Exclusive Extracts from Olympics: The India Story by Boria Majumdar
and Nalin Mehta
‘100 Yards Round A Bend’ To Antwerp:
Peasants On The Athletics Track
To Sir Dorab Tata goes the credit of starting systematic Olympic activity on Indian soil in 1920…In Sir Dorabji’s words:
"Having been educated in my youth in England I had shared in nearly every kind of English Athletics and acquired a great love for them. On my return to India I conceived the idea of introducing a love for such things there. I helped set up with the support of English friends, as General Secretary, a High School Athletic Association amongst numerous schools of Bombay, in the first place for cricket, and then for Athletic Sports Meetings which embraced nearly all the events which form part of the Inter-University contests every year in London."
Adopting a game also meant adopting the entire paraphernalia of modernity that went with it. It didn’t just mean playing a foreign game, it also meant adopting European clothes, European rules and European notions of order and ‘fair play’. Sport became the playing field where tradition and modernity met, clashed, and fused. A good example here is that of the Deccan Gymkhana. After the successful start of the Harris Shield, the idea was modified in Poona (now Pune) with the creation of the Gymkhana.
The committee which ran the Gymkhana was not conversant with the details of managing such athletic meets on European lines and wanted to develop their sports programme more in line with established Indian traditions. Sir Dorabji, who was nominated the president of the Gymkhana, played a central role in the fusion of foreign and indigenous cultures that ensued.
At the first athletic meet the Gymkahana organized, Dorabji found that the competitors were ‘all boys of the peasant class working in the fields and living off poor fare…’ Naturally they had no idea of European rules or modern training of any kind. On attending a meeting of the Gymkhana, Sir Dorabji found that they were proposing to run their 100- yard heats round a bend without strings. This was because their sports ground was very small and the track was part of a rough unrolled grass field. To the peasants, running was running, but now it had to be undertaken under standardized and controlled conditions.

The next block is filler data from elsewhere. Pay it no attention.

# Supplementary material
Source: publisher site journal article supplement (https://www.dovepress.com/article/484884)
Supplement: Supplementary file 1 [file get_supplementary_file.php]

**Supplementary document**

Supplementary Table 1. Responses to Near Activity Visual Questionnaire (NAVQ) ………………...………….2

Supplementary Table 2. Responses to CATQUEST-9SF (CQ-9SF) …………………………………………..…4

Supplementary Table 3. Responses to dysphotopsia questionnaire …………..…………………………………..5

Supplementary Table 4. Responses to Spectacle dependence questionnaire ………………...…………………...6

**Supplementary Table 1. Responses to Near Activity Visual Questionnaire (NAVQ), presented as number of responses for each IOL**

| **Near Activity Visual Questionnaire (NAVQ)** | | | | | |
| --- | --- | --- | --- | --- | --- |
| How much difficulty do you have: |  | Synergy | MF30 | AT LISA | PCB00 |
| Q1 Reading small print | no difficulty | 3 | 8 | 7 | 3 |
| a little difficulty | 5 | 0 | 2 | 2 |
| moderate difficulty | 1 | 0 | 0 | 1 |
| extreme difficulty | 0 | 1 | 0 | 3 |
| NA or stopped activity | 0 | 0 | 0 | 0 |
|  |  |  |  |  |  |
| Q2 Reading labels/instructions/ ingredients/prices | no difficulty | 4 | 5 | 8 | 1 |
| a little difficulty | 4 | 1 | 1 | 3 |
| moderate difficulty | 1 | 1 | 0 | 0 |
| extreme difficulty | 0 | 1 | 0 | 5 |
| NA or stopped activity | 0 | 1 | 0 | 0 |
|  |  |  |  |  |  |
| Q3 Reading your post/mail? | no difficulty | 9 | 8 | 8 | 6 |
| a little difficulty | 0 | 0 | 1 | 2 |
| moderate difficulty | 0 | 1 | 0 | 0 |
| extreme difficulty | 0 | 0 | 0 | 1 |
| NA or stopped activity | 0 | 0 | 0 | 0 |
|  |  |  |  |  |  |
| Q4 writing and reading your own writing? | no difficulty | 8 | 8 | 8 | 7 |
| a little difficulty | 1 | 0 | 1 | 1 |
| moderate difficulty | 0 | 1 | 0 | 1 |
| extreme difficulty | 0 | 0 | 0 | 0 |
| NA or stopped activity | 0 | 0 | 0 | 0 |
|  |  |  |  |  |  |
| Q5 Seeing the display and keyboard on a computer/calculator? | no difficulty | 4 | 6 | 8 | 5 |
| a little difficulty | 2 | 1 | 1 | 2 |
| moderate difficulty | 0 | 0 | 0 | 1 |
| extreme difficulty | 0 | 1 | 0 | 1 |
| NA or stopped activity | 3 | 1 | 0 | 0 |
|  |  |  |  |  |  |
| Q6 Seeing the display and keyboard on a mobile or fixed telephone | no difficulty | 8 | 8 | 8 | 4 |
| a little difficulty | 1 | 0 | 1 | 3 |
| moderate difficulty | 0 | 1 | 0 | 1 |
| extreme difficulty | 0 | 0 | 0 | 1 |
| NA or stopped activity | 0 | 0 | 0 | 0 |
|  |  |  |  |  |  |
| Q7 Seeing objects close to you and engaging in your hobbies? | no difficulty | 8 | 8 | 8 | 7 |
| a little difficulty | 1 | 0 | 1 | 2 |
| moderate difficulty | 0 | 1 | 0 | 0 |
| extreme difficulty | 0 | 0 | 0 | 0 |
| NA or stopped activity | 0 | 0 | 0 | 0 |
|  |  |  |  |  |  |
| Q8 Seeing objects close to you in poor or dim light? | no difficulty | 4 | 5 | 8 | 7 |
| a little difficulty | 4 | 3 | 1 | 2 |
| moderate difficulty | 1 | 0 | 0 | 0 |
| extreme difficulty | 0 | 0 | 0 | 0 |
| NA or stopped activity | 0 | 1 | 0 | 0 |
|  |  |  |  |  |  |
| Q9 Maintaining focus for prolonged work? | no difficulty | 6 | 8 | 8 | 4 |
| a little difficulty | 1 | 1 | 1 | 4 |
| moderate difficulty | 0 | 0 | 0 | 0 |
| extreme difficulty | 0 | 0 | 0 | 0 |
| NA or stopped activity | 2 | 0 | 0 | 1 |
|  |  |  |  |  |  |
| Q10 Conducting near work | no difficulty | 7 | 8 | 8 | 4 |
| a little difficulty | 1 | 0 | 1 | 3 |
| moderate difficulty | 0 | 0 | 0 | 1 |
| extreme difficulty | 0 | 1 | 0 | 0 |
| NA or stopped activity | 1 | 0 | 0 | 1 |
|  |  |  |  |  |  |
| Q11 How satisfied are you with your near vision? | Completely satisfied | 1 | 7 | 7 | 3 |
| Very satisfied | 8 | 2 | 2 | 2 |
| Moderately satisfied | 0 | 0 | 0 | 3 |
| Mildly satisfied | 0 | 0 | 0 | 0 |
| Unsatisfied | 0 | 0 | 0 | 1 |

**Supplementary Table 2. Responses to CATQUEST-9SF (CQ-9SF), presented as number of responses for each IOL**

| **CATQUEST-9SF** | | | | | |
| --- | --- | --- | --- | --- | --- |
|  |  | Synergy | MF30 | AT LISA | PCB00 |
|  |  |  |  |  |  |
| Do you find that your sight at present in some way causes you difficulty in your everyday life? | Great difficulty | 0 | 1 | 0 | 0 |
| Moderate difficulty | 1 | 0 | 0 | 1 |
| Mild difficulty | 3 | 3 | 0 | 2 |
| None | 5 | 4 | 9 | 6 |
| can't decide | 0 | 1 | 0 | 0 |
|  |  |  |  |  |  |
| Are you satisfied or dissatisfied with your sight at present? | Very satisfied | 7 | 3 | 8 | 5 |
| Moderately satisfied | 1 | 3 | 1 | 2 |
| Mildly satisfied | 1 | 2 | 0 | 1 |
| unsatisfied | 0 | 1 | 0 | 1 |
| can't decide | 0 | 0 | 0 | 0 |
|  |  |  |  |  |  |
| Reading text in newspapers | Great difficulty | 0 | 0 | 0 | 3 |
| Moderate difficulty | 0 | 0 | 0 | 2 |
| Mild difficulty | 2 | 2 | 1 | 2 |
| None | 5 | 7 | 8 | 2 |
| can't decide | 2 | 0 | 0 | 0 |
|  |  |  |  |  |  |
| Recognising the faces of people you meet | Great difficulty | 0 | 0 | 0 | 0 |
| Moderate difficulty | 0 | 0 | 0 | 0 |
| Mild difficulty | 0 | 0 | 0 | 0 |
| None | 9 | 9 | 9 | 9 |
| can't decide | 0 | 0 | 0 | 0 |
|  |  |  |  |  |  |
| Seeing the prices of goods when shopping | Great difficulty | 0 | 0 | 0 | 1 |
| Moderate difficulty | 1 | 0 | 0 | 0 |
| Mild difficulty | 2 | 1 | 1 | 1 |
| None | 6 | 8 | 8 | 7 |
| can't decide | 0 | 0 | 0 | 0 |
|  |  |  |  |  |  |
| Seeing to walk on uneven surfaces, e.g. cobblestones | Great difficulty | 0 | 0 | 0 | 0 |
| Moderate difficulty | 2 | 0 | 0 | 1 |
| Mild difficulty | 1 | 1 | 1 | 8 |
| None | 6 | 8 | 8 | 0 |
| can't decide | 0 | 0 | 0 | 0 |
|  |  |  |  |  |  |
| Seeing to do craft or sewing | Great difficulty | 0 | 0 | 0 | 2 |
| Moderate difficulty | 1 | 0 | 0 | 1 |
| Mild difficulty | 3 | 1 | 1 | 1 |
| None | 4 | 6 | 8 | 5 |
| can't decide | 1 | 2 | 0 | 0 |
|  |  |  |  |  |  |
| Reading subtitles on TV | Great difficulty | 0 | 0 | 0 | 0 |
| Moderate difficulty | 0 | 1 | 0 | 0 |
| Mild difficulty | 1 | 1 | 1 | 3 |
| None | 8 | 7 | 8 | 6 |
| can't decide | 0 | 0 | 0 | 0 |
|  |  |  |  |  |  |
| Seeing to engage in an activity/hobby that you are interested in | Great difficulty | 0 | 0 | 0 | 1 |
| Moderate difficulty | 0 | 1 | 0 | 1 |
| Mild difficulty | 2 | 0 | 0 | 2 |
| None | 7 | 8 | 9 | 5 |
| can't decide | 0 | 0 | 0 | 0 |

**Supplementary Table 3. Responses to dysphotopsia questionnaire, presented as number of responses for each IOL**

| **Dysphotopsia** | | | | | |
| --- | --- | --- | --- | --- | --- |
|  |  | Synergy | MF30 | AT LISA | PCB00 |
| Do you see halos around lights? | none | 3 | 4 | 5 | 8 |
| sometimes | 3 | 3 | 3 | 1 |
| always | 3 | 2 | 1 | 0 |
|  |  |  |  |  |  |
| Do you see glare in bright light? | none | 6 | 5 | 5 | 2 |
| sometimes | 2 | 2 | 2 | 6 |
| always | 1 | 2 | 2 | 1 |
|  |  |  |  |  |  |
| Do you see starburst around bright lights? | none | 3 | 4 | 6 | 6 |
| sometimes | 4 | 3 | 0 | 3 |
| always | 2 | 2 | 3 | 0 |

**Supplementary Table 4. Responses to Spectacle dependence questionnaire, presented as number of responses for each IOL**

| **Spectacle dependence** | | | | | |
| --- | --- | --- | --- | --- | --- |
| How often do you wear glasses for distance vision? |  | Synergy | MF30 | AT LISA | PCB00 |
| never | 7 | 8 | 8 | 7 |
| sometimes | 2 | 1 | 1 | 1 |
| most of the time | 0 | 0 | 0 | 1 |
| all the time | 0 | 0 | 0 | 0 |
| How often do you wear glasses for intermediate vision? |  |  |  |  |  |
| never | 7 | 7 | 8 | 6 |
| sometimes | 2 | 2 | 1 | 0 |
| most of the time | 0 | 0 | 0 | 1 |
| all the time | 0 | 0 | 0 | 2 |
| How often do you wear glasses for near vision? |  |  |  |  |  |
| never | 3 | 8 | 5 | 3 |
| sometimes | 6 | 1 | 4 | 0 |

In Sir Dorabji’s letters on the subject, preserved at the International Olympic Museum, the one thing that strikes the reader most palpably is his sense of wonder at this clash of peasant and Western cultures in the races at the Deccan Gymkhana.
Other popular events included the long distance race of about 25 miles, rightly designated the Marathon. The peasants who participated were used to running barefoot on hard macadamized or dirt roads. Despite their lack of training and primitive conditions, the first three or four men ran the distance in fair time. As Sir Dorabji observed, their time ‘would compare well with the times done in Europe or elsewhere’. In 1919, some of their times were close to the times clocked in the Olympics.
Suitably impressed, the Tata scion decided to send three of the runners, even at his own expense, to the Antwerp Games of 1920. This was the birth of India’s Olympic encounter and nationalist sentiment was at its core. As Dorabji Tata described his motives in a personal letter to the IOC president, Count Baillet Latour, in 1929:
"I therefore offered to arrange for the sending of three of the best runners to Antwerp to run the Olympic Marathon at the next meeting, when I hoped that with proper training and food under English trainers and coaches they might do credit to India. This proposal fired the ambition of the nationalist element in that city to try and send a complete Olympic team."
But the peasant athletes had little idea of what was required to participate in the Olympics nor of the standard of performance essential to qualify for any of the events. For instance, a key member of the Gymkhana, when asked what time he thought was standard for a 100-yard race replied that it could be anything ‘from half a minute to a minute’. He was ‘astounded’ when told that it was not a matter of minutes but rather of tenths of seconds.